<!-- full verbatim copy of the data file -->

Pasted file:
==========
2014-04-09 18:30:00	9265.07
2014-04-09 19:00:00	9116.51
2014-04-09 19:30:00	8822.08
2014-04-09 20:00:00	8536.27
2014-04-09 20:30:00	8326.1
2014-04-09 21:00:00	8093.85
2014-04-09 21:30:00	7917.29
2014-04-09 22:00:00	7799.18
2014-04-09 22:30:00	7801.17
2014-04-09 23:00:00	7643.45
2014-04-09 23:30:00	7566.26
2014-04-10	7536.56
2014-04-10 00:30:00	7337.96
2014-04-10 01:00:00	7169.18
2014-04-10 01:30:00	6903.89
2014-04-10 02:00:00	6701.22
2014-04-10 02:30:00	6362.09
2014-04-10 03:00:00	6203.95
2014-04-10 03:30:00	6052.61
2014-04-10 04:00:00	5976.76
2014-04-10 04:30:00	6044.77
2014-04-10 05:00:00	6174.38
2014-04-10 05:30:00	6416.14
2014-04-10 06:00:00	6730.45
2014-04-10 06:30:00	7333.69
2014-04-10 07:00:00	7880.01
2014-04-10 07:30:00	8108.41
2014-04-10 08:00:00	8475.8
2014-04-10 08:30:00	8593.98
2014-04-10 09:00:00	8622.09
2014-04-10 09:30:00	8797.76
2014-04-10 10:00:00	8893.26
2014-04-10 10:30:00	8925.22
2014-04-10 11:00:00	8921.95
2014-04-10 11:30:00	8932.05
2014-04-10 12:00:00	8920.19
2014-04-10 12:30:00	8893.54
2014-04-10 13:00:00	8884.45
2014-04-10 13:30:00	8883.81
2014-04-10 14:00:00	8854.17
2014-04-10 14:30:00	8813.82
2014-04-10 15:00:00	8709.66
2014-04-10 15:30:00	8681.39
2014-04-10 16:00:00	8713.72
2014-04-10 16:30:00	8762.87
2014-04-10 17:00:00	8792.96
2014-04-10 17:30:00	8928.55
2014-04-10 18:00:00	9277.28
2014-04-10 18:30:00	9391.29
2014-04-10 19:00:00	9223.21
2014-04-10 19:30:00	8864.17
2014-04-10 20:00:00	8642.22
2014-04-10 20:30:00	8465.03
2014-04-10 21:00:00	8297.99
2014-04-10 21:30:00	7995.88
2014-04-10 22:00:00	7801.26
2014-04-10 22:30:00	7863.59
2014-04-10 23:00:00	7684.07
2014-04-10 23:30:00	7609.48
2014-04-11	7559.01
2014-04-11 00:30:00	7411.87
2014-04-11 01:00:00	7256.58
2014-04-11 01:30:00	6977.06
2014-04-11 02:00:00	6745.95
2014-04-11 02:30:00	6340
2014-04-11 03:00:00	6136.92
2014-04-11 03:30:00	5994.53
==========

2014-04-09 18:30:00	9265.07
2014-04-09 19:00:00	9116.51
2014-04-09 19:30:00	8822.08
2014-04-09 20:00:00	8536.27
2014-04-09 20:30:00	8326.1
2014-04-09 21:00:00	8093.85
2014-04-09 21:30:00	7917.29
2014-04-09 22:00:00	7799.18
2014-04-09 22:30:00	7801.17
2014-04-09 23:00:00	7643.45
2014-04-09 23:30:00	7566.26
2014-04-10	7536.56
2014-04-10 00:30:00	7337.96
2014-04-10 01:00:00	7169.18
2014-04-10 01:30:00	6903.89
2014-04-10 02:00:00	6701.22
2014-04-10 02:30:00	6362.09
2014-04-10 03:00:00	6203.95
2014-04-10 03:30:00	6052.61
2014-04-10 04:00:00	5976.76
2014-04-10 04:30:00	6044.77
2014-04-10 05:00:00	6174.38
2014-04-10 05:30:00	6416.14
2014-04-10 06:00:00	6730.45
2014-04-10 06:30:00	7333.69
2014-04-10 07:00:00	7880.01
2014-04-10 07:30:00	8108.41
2014-04-10 08:00:00	8475.8
2014-04-10 08:30:00	8593.98
2014-04-10 09:00:00	8622.09
2014-04-10 09:30:00	8797.76
2014-04-10 10:00:00	8893.26
2014-04-10 10:30:00	8925.22
2014-04-10 11:00:00	8921.95
2014-04-10 11:30:00	8932.05
2014-04-10 12:00:00	8920.19
2014-04-10 12:30:00	8893.54
2014-04-10 13:00:00	8884.45
2014-04-10 13:30:00	8883.81
2014-04-10 14:00:00	8854.17
2014-04-10 14:30:00	8813.82
2014-04-10 15:00:00	8709.66
2014-04-10 15:30:00	8681.39
2014-04-10 16:00:00	8713.72
2014-04-10 16:30:00	8762.87
2014-04-10 17:00:00	8792.96
2014-04-10 17:30:00	8928.55
2014-04-10 18:00:00	9277.28
2014-04-10 18:30:00	9391.29
2014-04-10 19:00:00	9223.21
2014-04-10 19:30:00	8864.17
2014-04-10 20:00:00	8642.22
2014-04-10 20:30:00	8465.03
2014-04-10 21:00:00	8297.99
2014-04-10 21:30:00	7995.88
2014-04-10 22:00:00	7801.26
2014-04-10 22:30:00	7863.59
2014-04-10 23:00:00	7684.07
2014-04-10 23:30:00	7609.48
2014-04-11	7559.01
2014-04-11 00:30:00	7411.87
2014-04-11 01:00:00	7256.58
2014-04-11 01:30:00	6977.06
2014-04-11 02:00:00	6745.95
2014-04-11 02:30:00	6340
2014-04-11 03:00:00	6136.92
2014-04-11 03:30:00	5994.53